Victoria 1947 Goodall Cup Champions, Sydney Glaciarium. Back row (l to r): Ellis Kelly (Coach), Warwick Harrison, Al Sengotta, Colin "Tiny" Mitchell, Johnny Whyte, Sid Hiort (Mgr). Front row: Dave Cunningham, Rus Jones, Russ Carson, John "Chook" Tuckerman, Ray Sullivan (Egon Winter absent)

[ HOCKEY ] The First All-Stars

Bordering on the Phenomenal

The officials realize that to keep the game going there must be new blood in it... ice hockey players are made, not born.
— Ron Casey AM MBE (1927-2000), Melbourne based Australian rules football administrator, sporting commentator and radio and television pioneer.

Ellis Kelly, Captain of Victoria and Ray Sullivan, Melbourne Glaciarium, 1946. Image courtesy The Age, 30 July 1946.

THE SILVER CUP BRIMMING WITH CHEAP CHAMPAGNE was doing the rounds of the official dinner in a Sydney hotel, no-one noticing the signs of neglect on the old mug, the kicking around, the misuse, just the plain lack of respect, each player raising it high and slopping its foaming contents in the general direction of his gaping mouth, no-one now able to recall it sailing through the hotel window a little earlier doing a demo of the difference in passes for Rugby and Australian Rules, a demo of its sheer genius for survival that would one day make it the world's third oldest national ice hockey trophy still contested, make it a little legendary, much like this victory dinner where Victorians sipped the silverware for the first time in a quarter-century, the first time since 1922 when Jack Goodall, its namesake, last captained Victoria to a defining moment of glory.

A massive hailstorm struck Sydney on the first day of 1947 causing hundreds of injuries and an estimated £1 million damage. It was an early warning shot that ushered in a series of monumental ice events until on Boxing Day, as if to usher them out, Heard Island and McDonald Islands in Antarctica were transferred from British control to Australian territories. Smack bang in the middle, on June 26th, US President Harry S Truman signed the National Security Act unleashing the 40-odd year Cold War, and in Sydney the first test of the 26th Goodall Cup was contested that evening. It was two days after the 25th anniversary of the last Victorian Cup and waiting for them to win it back was like leaving the porch light on for Harold Holt. So much impossible hope had beat inside their bodies it now burned their very skin and strengthened their will right through their bones.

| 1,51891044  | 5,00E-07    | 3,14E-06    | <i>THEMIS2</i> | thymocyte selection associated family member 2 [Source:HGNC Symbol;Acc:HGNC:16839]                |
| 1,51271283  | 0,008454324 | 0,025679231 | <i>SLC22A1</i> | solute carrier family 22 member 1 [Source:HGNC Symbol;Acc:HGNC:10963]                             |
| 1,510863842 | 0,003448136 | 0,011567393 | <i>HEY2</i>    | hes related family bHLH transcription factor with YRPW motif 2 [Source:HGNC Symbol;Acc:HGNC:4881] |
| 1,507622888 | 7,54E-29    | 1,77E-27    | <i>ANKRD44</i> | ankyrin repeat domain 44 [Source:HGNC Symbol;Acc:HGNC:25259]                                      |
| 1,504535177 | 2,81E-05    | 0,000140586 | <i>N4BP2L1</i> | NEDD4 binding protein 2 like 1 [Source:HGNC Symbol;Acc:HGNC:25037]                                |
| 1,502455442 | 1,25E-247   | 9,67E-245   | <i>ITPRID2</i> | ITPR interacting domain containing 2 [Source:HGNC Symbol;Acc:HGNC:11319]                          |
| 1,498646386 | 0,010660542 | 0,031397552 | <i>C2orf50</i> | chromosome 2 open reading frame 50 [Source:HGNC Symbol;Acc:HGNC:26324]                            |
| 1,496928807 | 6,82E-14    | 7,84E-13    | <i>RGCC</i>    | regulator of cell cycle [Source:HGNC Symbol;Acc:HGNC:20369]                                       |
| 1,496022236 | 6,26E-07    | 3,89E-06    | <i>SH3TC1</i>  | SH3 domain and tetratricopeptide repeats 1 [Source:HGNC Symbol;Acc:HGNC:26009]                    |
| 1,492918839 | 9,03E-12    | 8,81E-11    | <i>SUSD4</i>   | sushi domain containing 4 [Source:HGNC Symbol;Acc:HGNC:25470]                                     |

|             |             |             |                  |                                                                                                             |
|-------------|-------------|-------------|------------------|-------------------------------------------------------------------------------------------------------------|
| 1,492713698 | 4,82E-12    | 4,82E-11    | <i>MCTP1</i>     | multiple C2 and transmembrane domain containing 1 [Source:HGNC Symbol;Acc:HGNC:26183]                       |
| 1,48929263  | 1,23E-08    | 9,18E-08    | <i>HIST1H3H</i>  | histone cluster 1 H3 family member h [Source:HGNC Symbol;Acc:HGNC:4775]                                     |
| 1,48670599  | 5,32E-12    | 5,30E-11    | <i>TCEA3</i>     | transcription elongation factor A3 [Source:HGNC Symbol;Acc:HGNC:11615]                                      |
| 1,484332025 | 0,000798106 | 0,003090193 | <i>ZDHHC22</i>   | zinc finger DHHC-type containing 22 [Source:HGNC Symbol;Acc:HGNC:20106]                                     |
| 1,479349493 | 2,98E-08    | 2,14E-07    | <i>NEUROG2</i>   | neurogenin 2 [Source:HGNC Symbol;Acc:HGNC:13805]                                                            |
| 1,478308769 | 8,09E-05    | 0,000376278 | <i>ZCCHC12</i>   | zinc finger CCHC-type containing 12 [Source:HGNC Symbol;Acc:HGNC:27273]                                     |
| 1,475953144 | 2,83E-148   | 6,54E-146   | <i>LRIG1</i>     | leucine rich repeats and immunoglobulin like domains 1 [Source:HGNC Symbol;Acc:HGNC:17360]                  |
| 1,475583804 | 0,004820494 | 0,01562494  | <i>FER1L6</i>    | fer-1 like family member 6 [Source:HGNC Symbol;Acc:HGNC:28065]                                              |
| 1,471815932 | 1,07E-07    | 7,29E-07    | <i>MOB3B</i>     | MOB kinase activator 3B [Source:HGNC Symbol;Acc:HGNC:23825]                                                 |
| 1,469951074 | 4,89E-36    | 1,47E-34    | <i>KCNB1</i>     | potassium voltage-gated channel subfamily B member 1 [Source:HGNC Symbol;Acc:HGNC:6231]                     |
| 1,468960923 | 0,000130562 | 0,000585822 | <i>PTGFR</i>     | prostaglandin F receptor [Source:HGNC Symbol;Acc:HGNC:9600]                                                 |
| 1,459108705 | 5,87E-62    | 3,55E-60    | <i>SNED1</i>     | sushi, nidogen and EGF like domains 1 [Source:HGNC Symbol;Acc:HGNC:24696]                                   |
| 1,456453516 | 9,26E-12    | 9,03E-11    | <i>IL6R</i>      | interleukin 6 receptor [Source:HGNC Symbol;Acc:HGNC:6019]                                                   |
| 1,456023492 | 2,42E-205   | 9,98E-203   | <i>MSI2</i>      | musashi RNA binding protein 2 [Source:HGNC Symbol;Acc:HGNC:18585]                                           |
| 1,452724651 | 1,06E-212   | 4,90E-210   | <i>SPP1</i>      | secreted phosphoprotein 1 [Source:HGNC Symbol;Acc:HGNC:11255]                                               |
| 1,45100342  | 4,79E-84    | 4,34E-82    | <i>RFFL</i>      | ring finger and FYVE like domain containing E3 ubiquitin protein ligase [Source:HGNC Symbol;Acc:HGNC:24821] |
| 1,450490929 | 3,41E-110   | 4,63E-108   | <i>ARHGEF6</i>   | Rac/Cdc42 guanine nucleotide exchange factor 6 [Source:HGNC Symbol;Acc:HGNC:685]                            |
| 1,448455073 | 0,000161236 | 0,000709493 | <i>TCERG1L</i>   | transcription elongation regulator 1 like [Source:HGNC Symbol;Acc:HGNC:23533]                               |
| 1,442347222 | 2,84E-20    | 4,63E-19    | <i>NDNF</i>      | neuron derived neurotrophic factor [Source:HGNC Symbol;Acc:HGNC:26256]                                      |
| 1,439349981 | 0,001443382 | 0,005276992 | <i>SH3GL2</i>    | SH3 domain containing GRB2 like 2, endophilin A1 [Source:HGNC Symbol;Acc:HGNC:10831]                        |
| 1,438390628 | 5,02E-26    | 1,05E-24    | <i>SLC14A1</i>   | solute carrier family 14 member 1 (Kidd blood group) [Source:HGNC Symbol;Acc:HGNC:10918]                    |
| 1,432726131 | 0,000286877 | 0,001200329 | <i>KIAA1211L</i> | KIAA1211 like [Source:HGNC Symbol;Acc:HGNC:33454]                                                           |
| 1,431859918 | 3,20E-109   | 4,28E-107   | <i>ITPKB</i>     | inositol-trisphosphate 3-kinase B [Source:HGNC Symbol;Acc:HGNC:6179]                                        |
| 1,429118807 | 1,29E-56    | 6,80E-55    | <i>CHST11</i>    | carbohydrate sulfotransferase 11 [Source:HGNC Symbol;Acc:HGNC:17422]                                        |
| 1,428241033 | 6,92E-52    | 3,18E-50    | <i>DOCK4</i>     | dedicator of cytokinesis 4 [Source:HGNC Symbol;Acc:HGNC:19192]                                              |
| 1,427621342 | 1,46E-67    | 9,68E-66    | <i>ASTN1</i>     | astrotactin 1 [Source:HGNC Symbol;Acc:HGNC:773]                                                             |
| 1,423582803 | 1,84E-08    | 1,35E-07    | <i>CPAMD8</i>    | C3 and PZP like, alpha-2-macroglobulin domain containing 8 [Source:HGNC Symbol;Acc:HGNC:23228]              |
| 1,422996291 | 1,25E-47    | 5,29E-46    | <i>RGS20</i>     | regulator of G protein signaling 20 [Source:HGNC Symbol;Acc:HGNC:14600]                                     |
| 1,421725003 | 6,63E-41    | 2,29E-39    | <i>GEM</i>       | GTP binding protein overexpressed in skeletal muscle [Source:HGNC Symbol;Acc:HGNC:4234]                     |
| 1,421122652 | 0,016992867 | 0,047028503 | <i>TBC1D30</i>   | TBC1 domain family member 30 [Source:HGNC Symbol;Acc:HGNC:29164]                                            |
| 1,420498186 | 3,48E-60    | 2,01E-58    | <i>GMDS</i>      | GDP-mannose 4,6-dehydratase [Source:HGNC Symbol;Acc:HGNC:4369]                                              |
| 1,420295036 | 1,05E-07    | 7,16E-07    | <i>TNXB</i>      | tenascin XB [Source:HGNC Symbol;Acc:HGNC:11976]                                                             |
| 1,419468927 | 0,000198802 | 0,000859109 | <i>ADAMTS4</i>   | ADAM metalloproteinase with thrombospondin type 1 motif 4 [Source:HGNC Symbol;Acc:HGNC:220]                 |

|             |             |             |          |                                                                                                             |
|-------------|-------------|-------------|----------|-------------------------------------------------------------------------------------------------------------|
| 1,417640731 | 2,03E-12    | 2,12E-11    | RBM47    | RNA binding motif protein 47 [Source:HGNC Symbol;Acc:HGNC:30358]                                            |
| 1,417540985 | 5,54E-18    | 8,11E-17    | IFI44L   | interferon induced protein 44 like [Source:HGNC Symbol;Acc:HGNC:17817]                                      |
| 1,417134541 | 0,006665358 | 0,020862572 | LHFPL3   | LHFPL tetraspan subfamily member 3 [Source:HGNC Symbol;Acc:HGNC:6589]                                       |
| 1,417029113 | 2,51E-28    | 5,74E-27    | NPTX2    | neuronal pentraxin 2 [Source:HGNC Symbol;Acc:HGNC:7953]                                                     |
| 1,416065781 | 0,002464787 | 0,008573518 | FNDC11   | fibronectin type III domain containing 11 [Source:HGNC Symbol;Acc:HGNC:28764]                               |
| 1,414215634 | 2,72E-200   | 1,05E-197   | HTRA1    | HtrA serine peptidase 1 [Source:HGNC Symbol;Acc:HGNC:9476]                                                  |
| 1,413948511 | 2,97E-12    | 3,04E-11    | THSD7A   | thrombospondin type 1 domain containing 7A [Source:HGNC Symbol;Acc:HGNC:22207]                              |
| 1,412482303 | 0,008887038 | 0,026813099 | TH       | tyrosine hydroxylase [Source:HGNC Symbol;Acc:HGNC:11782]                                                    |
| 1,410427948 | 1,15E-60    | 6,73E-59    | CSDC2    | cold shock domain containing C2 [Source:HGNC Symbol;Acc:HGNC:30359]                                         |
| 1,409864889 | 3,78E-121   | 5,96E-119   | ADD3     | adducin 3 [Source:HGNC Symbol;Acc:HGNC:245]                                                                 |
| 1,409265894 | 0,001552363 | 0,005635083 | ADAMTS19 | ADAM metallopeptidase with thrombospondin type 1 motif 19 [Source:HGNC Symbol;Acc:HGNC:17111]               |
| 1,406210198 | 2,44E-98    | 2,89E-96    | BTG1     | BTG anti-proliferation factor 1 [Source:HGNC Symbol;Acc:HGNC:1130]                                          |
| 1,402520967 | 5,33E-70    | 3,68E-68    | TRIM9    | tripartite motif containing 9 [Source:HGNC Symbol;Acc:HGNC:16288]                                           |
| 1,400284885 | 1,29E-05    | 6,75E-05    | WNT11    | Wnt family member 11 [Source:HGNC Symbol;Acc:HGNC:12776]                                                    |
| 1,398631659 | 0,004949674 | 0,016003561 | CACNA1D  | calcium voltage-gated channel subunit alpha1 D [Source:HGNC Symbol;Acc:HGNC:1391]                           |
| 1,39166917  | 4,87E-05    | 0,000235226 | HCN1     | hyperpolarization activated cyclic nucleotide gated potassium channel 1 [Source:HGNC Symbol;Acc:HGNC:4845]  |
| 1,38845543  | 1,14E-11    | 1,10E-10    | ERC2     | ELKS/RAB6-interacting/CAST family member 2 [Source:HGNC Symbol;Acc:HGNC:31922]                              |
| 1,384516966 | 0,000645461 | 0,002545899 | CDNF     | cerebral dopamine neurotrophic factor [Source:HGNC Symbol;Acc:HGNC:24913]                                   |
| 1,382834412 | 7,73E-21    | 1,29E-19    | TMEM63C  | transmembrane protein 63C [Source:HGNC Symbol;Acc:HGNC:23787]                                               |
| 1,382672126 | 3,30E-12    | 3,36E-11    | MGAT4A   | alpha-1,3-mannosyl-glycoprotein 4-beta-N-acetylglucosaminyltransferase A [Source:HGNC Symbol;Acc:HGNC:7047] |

In 1939, the last Cup before the war interruption, the Vics had forced their arch-rivals to a draw in the first two tests — 2-2, 2-2 — and their manager Ted Molony delivered the national association an ultimatum. Victoria would not play the decider with referee Jack Paton. Molony, an accredited referee and a driving force behind the national game, accused Paton of not enforcing the rules and allowing the second test to be reduced to angry outbursts, charging, frequent falls and fights. He didn't say publicly Victoria could have won had it been refereed properly. What he left unsaid screamed louder.

Paton did not officiate the series decider although the state association president Harold Hoban went out of his way to publicly deny he had deferred to Molony's ultimatum. The job was entrusted to W Moser instead, an Austrian who claimed it as his 506th game. [2] Unfortunately for Victoria, their captain Hughie Lloyd and Cliff Napthine had returned home for "business reasons" and on the night of the decider they played instead for their local clubs. Lloyd's replacement, Johhny Whyte, was prevented from flying by bad weather and the Victorians lost the decider and the 1939 Cup, 1-2. [1]

Their next outing was in Melbourne after the war interruption in 1946 attended by 5,000 fans. Paton was by then the New South Wales team manager and president of the NSW Association. Also keenly fought, this series resulted in a tie, the closest the Vics had come since the only other tied series in 1932. Defenders Dick Bungey and Nigel Graham were not in the 1947 line-up, nor were Bert White, captain and centre Ellis Kelly who had retired, and Pat Nichol, captain of the local Glaciarium Flyers. The only returning players were captain, coach and goalie Russ Carson, the two young guns Dave Cunningham and Rus Jones, and Chook Tuckerman who had been their coach and mentor during their recent development years. Ellis Kelly coached Victoria that year and it was one of the youngest teams the state had ever iced, which was hardly surprising after the 6-year hiatus created by a world at war.